Is Crabb Now Anti-Psychology?
|Is Larry Crabb taking a bold move in the right
directionaway from psychological counseling
theories and methods to biblically ordained ministries?
Some of what he is now saying reveals that he does see
shortcomings in psychotherapy. Some of what he is now
saying sounds like what some of us have been saying all
alongthat the cure of souls belongs in the church
and that mature believers should be the ones to minister
to those suffering in the depths of their souls.
The words "Larry Crabbs Antipsychology Crusade" on the cover of the August 14 issue of Christianity Today could easily lead people into thinking Crabb is finally repenting of his psychologically based "biblical counseling" model and his years of therapizing. Is he really on a crusade against professional therapy and integrating psychology and Christianity?
Kevin Dale Miller interviewed Larry Crabb for Christianity Today (August 14, 1995, pp. 16, 17). Just beneath the title, "Putting an End to Christian Psychology," were these words: "Larry Crabb thinks therapy belongs back in the churches." Those words reminded us of Crabbs 1978 article titled "Moving The Couch Into The Church," which was published in the September 22, 1978 issue of Christianity Today. In that article Crabb wrote:
Thus in 1978 Crabb was proposing three levels of counseling ministry: encouragement, exhortation, and enlightenment, with enlightenment at the top. By examining Crabbs books one can see that the enlightenment to which he was referring is heavily dependent on psychological theories devised by Sigmund Freud, Alfred Adler, Albert Ellis and, Abraham Maslow.
Crabb wrote Basic Principles of Biblical Counseling in 1975 and Effective Biblical Counseling in 1977. From the very beginning he argued that Christians could and should glean from secular psychological theories. To illustrate how secularists might have something to offer Christianity, Crabb wrote:
During the Eighties Crabb added more titles, including Encouragement (1984), Understanding People (1987), and Inside Out (1988). When we would describe Crabbs notions, people would say, "But, have you read his latest book?" as if he had repudiated his earlier writings. However, each time we found that, though his language had changed to sound more evangelical and less psychological, certain psychological concepts remained in place. They were simply described differently.
Central to Crabbs model of man are two dominant unconscious needs which motivate behavior. In his earlier books Crabb calls the two unconscious needs "security" and "significance." Later he changed his terminology to "longings" for "relationship and impact." Crabb clearly indicates that his change in words does not involve any change in the doctrine. In Understanding People, he says:
Crabbs doctrine of a powerful unconscious is based on the Freudian unconscious as modified by Alfred Adler. Crabb says in Understanding People:
Crabb further says, "I think Freud was correct. . . when he told us to look beneath surface problems to hidden internal causes" (p. 61). While Crabb does not agree with all that Freud taught and even sees errors in his theories, he contends that "the error of Freud and other dynamic theorists is not an insistence that we pay close attention to unconscious forces within personality" (p. 61, italics his). In spite of Freuds strong criticism of Christianity, Crabb says, "I believe that [Freuds] psychodynamic theory is both provocative and valuable in recognizing elements in the human personality that many theologians have failed to see" (pp. 215-216).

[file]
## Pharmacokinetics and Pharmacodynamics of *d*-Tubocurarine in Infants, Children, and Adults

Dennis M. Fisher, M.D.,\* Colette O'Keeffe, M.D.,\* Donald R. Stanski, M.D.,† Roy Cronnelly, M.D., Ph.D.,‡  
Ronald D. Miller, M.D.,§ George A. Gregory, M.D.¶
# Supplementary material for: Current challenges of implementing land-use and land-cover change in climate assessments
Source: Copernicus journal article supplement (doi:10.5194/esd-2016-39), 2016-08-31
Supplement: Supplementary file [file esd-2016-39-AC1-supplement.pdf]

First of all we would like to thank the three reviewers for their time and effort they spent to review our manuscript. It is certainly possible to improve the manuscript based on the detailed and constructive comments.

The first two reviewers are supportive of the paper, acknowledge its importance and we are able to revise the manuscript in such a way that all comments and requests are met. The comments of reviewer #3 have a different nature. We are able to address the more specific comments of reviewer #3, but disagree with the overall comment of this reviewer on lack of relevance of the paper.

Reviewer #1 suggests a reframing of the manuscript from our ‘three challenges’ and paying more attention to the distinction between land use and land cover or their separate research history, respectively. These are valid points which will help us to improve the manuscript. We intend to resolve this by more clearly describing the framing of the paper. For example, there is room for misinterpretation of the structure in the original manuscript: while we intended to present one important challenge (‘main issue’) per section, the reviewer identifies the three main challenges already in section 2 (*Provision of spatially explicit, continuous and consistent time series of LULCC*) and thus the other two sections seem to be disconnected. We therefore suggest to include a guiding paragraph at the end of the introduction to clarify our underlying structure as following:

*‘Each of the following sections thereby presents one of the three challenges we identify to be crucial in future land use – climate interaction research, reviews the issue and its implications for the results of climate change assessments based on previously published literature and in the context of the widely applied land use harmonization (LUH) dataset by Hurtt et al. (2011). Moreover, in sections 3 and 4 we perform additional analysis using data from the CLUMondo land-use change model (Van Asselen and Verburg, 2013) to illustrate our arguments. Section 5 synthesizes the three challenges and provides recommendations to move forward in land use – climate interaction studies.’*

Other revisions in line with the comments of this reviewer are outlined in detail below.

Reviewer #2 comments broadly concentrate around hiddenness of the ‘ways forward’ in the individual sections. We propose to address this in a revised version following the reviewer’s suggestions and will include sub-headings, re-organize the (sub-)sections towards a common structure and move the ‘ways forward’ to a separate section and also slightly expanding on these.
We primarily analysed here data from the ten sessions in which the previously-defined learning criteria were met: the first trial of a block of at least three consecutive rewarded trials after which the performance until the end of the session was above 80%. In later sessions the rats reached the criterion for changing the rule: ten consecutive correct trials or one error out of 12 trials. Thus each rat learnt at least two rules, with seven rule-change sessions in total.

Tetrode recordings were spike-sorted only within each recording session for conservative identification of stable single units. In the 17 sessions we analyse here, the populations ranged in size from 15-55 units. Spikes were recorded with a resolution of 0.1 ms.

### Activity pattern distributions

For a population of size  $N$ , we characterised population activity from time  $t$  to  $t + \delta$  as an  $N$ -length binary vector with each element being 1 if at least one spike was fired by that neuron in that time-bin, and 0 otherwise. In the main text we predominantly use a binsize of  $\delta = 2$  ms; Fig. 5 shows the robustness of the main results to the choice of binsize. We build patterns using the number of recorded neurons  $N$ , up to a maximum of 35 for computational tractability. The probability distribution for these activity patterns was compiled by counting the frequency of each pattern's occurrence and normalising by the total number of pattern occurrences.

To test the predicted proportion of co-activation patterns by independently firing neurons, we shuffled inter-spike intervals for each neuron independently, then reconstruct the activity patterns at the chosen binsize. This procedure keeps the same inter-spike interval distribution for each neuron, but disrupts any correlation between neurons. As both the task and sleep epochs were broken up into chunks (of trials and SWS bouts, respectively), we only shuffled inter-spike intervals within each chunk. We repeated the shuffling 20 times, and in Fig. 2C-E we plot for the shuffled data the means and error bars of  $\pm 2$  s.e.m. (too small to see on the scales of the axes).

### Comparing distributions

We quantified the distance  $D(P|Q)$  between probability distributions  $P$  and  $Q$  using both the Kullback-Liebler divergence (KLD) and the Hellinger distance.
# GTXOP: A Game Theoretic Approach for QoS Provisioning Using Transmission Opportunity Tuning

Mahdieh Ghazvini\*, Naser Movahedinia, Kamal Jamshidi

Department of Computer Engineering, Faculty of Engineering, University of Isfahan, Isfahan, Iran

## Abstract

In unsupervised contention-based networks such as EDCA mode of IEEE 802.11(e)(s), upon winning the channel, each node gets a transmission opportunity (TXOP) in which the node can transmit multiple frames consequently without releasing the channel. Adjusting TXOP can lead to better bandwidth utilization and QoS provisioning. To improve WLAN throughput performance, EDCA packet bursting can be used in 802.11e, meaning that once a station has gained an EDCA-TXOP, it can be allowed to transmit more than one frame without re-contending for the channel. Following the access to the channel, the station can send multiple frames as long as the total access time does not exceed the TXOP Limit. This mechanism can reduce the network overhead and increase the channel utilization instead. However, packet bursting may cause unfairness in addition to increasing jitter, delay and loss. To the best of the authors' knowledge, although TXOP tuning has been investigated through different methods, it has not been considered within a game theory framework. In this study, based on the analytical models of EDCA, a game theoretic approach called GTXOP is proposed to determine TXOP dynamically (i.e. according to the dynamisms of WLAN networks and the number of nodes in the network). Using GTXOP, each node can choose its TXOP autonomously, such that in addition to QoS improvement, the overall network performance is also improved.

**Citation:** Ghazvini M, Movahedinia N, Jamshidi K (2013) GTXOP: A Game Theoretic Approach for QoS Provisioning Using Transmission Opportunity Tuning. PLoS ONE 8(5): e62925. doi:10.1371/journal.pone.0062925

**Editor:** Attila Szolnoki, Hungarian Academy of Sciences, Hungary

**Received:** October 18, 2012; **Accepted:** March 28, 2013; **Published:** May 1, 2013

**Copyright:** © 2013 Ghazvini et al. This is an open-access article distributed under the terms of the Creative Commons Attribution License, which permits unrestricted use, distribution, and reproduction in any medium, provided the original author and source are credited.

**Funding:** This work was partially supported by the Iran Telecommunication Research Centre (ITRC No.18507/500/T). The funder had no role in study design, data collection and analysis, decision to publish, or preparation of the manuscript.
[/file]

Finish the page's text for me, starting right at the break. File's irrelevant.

In his earlier books Crabb uses the word unconscious directly and explains its hidden nature and power for motivation. In Inside Out he relies on metaphors and descriptive phrases such as "heart," "core," "beneath the surface," "hidden inner regions of our soul," "dark regions of our soul," "beneath the waterline," "underlying motivation," "hidden purpose," and "reservoir of their self-protective energy." The very title Inside Out suggests the Freudian notion of the unconscious. Crabb clearly presents the unconscious as a real and powerful part of every person. He also suggests that doctrines of the unconscious are indispensable to the church!
Is Crabb Changing His Doctrine?
Is Crabb now in 1995 changing his doctrine or simply his audience? In the current Christianity Today interview it appears that rather than or in addition to training counselors with the theories developed in Understanding People and Inside Out Crabb wants to train elders (pastors and other mature believers).
In both the interview and in his talk at the recent Moodys Pastors Conference, Crabb shared what sounds like a new vision for the church, but which also sounds like his 1978 articleto equip the church to minister more effectively to help "people enter into a deeper, closer relationship with the Lord" (CT, 9/22/78, p. 19). This is indeed a lofty, admirable goal. But, how does he as a psychologist propose to do that? He said he does not know, but unless he clearly repudiates his earlier books and publicly repents of processing people as described in Inside Out, one must assume that he will continue to use an integrationist approach as he attempts to move the couch into the church.
In his talk at Moody Crabb said, "In our culture the work of individual shepherding has largely been turned over to the Christian Counseling Movement and that movement has professionalized shepherding into something that only vaguely resembles the Bibles idea of shepherding." We agree with his concern that people choose psychotherapists over godly elders when they experience problems in their lives. However, there is no word of repenting from Crabbs own involvement in helping the church to form that erroneous conclusion. He himself had clearly insulted pastors for being superficial and ineffective in personal ministry because they do not understand the dynamics of the unconscious (e.g. psychodynamic theory of Freud). (See Understanding People, p. 129.)